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A humorous comic by SMBC claims that, since an 1884 foreword written by Mark Twain (Samuel Clemens) is out of copyright, anyone can write any book, include that foreword, and add "with a foreword by Mark Twain" on the cover.

Creative Commons licences have a clause to ask for attribution to be removed, which authors may want to do if their work is attributed in a context that may imply endorsing something they don't. Mark Twain is long dead (in case it matters) and his work is in public domain, not under a Creative Common licence. Legally, in the United States or other locations, is the situation described in this comic accurate, or is there anything that may limit authors from implying endorsement or taking out-of-copyright quotes out of context?

Or could I really take any old enough quote saying "This is great!" (or the same with enough words as to make it unique) and put it — with attribution — on any book cover (or elsewhere)?


SMBC comic (see below for transcript)
Source: SMBC

Transcript:

Panel 1:

Fact: in 19984, Mark Twain wrote the foreward to a French edition of The Adventures of Tom Sawyer.

(Drawing of a book titled *Les Aventures de Tom Sawyer)

Panel 2:

Fact: That foreword is now in the public domain.

(Drawing of a copyright symbol with a diagonal strike-through)

Panel 3:

From which it follows: for any book you write, no matter the topic, ally ou have to do is reproduce that foreward and you can do this:

(Drawing of a book titled: A guide to fellatio. With a foreword by Mark Twain.)

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  • There's a recent question about using the photo of Albert Einstein. Which will likely get you sued, even though there is no valid copyright anymore (successfully or not is hard to say, but getting sued will cost you time and money). So you might want to check if you can freely use the name of Mark Twain, independent of copyright claims. And there's the question if you are misleading customers by adding a foreword that has nothing to do with the book itself.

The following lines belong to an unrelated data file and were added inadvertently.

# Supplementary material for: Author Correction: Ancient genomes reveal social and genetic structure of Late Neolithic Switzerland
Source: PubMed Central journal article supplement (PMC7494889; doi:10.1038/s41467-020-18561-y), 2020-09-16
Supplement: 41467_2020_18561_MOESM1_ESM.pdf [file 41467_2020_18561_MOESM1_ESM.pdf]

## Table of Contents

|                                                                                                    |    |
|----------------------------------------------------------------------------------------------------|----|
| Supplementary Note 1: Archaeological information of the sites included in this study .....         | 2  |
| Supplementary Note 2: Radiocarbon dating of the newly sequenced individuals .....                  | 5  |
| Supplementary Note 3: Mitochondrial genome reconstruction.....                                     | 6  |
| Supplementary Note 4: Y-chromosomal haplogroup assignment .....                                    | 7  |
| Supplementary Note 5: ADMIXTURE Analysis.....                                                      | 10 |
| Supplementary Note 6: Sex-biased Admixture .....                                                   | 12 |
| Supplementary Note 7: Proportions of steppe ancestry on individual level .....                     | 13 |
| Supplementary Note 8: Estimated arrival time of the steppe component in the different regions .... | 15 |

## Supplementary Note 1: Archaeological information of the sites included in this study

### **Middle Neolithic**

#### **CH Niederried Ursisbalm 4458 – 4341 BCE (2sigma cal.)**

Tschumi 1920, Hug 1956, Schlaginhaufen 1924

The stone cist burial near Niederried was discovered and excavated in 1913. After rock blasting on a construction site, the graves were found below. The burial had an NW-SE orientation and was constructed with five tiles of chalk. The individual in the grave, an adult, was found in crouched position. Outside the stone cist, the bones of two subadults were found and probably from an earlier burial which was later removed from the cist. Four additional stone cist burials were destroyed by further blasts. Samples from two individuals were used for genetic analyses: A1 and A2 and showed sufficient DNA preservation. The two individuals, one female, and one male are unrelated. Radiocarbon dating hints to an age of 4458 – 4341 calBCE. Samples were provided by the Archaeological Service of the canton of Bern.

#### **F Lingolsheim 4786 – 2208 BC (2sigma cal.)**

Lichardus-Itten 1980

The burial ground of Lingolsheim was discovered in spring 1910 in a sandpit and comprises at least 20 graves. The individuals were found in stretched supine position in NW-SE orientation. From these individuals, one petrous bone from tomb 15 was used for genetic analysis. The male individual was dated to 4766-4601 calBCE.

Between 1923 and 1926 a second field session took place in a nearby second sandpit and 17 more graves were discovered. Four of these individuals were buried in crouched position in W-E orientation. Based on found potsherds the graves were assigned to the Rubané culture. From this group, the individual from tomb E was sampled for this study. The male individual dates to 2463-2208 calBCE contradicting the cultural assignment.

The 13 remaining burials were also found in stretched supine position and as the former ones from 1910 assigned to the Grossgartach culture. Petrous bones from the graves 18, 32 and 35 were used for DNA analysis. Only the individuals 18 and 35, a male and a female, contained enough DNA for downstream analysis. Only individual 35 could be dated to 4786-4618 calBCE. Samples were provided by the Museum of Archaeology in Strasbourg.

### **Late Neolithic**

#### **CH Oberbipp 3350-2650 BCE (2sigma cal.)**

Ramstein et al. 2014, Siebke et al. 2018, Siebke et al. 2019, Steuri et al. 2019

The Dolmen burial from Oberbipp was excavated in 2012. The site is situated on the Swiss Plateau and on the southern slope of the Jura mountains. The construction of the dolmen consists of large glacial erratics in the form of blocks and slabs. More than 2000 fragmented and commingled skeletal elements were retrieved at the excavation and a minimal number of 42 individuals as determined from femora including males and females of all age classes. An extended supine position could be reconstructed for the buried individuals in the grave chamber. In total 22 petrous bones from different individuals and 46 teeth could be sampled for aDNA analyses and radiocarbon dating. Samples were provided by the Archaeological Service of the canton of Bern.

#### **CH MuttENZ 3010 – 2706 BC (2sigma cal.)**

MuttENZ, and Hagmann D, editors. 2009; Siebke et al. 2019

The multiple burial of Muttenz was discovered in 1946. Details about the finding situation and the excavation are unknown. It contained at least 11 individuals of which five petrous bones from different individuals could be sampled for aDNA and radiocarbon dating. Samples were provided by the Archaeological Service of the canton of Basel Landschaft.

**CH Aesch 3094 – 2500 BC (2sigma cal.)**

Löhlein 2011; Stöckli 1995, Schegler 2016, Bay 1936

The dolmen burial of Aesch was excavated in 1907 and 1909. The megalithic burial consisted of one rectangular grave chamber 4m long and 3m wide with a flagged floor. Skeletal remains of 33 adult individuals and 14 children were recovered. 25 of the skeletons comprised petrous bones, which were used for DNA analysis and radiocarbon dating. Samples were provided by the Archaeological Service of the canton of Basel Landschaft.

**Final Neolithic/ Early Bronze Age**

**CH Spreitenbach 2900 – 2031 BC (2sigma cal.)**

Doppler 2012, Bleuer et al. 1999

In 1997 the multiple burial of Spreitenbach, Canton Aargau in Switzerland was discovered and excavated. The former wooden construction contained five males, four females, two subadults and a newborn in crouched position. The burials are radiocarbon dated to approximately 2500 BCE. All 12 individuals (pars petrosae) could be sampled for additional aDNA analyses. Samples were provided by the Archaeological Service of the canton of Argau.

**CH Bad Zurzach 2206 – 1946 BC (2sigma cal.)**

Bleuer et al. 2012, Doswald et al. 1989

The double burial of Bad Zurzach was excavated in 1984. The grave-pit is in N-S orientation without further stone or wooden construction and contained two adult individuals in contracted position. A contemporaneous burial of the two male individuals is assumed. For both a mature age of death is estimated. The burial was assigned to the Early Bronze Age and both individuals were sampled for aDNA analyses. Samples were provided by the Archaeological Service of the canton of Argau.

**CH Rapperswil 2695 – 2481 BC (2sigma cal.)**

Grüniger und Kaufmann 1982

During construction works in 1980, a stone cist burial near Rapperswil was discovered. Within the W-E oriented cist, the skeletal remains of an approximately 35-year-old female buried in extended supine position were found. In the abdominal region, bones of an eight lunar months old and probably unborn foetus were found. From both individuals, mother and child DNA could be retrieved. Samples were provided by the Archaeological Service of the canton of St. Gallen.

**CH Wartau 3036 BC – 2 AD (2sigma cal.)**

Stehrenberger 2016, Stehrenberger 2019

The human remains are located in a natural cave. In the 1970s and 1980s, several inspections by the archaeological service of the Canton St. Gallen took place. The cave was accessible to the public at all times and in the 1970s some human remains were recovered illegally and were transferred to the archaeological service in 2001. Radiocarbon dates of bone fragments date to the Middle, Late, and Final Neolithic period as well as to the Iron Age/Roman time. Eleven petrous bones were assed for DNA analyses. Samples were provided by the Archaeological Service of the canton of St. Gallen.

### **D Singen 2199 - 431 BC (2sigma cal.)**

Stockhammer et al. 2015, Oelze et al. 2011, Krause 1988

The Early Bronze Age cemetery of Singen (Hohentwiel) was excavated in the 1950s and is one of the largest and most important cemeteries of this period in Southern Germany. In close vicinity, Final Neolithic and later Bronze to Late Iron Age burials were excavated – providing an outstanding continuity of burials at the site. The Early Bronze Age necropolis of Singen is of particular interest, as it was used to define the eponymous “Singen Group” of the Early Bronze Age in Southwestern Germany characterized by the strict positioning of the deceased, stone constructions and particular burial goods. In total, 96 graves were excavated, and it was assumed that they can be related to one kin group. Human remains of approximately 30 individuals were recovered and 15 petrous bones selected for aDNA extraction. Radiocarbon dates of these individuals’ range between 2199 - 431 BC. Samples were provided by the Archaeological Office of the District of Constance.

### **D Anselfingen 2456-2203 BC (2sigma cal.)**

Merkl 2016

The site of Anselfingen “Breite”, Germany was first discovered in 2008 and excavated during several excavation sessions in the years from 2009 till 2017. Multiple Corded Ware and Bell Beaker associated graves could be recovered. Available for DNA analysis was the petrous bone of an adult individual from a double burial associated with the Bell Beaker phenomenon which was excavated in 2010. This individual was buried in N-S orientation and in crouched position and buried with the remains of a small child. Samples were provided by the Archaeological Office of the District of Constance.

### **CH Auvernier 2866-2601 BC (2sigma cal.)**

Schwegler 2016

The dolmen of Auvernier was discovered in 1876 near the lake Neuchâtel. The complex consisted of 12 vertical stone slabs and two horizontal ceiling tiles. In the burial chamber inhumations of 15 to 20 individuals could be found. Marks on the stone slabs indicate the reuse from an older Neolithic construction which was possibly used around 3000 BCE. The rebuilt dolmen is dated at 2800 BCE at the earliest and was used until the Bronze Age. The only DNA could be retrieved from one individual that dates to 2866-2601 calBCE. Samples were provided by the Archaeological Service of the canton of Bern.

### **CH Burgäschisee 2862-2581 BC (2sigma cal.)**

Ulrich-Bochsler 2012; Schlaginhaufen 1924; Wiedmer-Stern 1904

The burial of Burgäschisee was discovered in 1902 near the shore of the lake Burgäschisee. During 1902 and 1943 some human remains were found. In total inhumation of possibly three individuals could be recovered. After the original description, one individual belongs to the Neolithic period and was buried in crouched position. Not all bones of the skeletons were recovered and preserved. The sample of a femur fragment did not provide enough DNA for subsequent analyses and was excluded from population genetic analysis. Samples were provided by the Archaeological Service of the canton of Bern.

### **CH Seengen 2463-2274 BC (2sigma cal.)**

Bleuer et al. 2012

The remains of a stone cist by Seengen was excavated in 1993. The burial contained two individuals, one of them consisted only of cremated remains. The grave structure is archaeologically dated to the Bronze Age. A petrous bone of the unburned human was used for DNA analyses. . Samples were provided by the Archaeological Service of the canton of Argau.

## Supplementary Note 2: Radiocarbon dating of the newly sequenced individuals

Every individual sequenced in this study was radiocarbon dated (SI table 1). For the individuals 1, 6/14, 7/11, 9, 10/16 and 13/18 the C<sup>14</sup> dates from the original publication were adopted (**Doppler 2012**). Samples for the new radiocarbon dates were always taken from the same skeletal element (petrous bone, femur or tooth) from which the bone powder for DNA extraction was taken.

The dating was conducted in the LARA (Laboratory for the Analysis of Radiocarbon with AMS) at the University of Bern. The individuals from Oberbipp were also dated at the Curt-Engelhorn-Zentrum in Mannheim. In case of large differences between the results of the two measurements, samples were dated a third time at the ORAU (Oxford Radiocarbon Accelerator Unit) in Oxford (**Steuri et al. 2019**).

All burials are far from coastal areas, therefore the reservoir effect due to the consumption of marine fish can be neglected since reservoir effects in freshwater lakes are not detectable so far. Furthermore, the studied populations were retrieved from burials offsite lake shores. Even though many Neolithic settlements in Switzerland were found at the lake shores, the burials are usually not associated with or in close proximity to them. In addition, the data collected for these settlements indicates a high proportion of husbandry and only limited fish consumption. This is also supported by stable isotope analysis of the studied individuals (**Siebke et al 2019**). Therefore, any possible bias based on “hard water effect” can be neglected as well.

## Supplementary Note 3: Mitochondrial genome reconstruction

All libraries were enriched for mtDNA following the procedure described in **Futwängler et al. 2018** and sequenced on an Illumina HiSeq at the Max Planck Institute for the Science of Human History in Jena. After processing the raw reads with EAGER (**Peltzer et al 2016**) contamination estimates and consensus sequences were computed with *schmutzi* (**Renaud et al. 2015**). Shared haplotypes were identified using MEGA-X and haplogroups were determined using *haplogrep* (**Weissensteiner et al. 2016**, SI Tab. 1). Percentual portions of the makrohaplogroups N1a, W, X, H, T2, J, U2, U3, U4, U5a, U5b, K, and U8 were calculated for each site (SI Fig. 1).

– gnasher729
    May 30 at 9:45
  • @gnasher729 Do you mean this question?
    – gerrit
    May 30 at 10:25
  • Yes, exactly this one. So "foreword by Albert Einstein" with a picture would be trouble. And I might by the book, not because of. the subject, but because I'm absolutely curious what Mark Twain would have written in a foreword about it. And then I would feel cheated.
    – gnasher729
    May 30 at 11:05

2 Answers 2

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Yes it does.

You can do anything at all with a public domain work, and it is not an infringement of copyright. For the matter of that, one could write a forwards attributes to Justinian or Genghis Khan, who newer wrote any such forward at all, and it would not infringe any copyright, nor any right of publicity.

It is possible that such claims would constitute False advertising. But if the claim is "obviously absurd" then such laws usually do not apply. What is "obviously absurd" is a judgement call.

I recall seeing books in which a "foreword" is attributed to a fictional character.

If such a foreword is attributed to a person who is living, that person might have a right to sue under a publicity right theory. In those jurisdictions where such rights last beyond the author's life, such a suit might be filed by an heir within the time such rights are valid, which varies widely.

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In France, two different rights exist : the author's right and the copyright.

The copyright encompasses the rights to copy, alter, make derivative work and distribute the work. It initially lies in the author's person, but it can be sold or opened to other parties. The copyright rights expire some 50 or 70 years after the author's death, with some annoying special circumstances adding uninteresting tweaks and exceptions.

The author's right on the contrary is basically the identity of the author of a work. Basically, their right for their work to be attributed to them and to nobody else. Pseudonyms are allowed, but this right cannot be granted, opened or sold to anyone else. You can't allow me to write my name as the author of your book. (Although, I'm not sure whether the state would/could sue me autonomously, but more specifically if I do that and write my name as the author, I cannot have a guarantee that you will not sue.) I do not know what happens with that right after an author's death, but if the state does sue independently of the will of the author, I would be surprised if that stops after their death.

This is an incomplete answer, as I'm not sure whether that would apply in your example, and if attributing a statement about your book to Mark Twain would infringe on your or his author's right. But I wanted to bring another jurisdiction's perspective.

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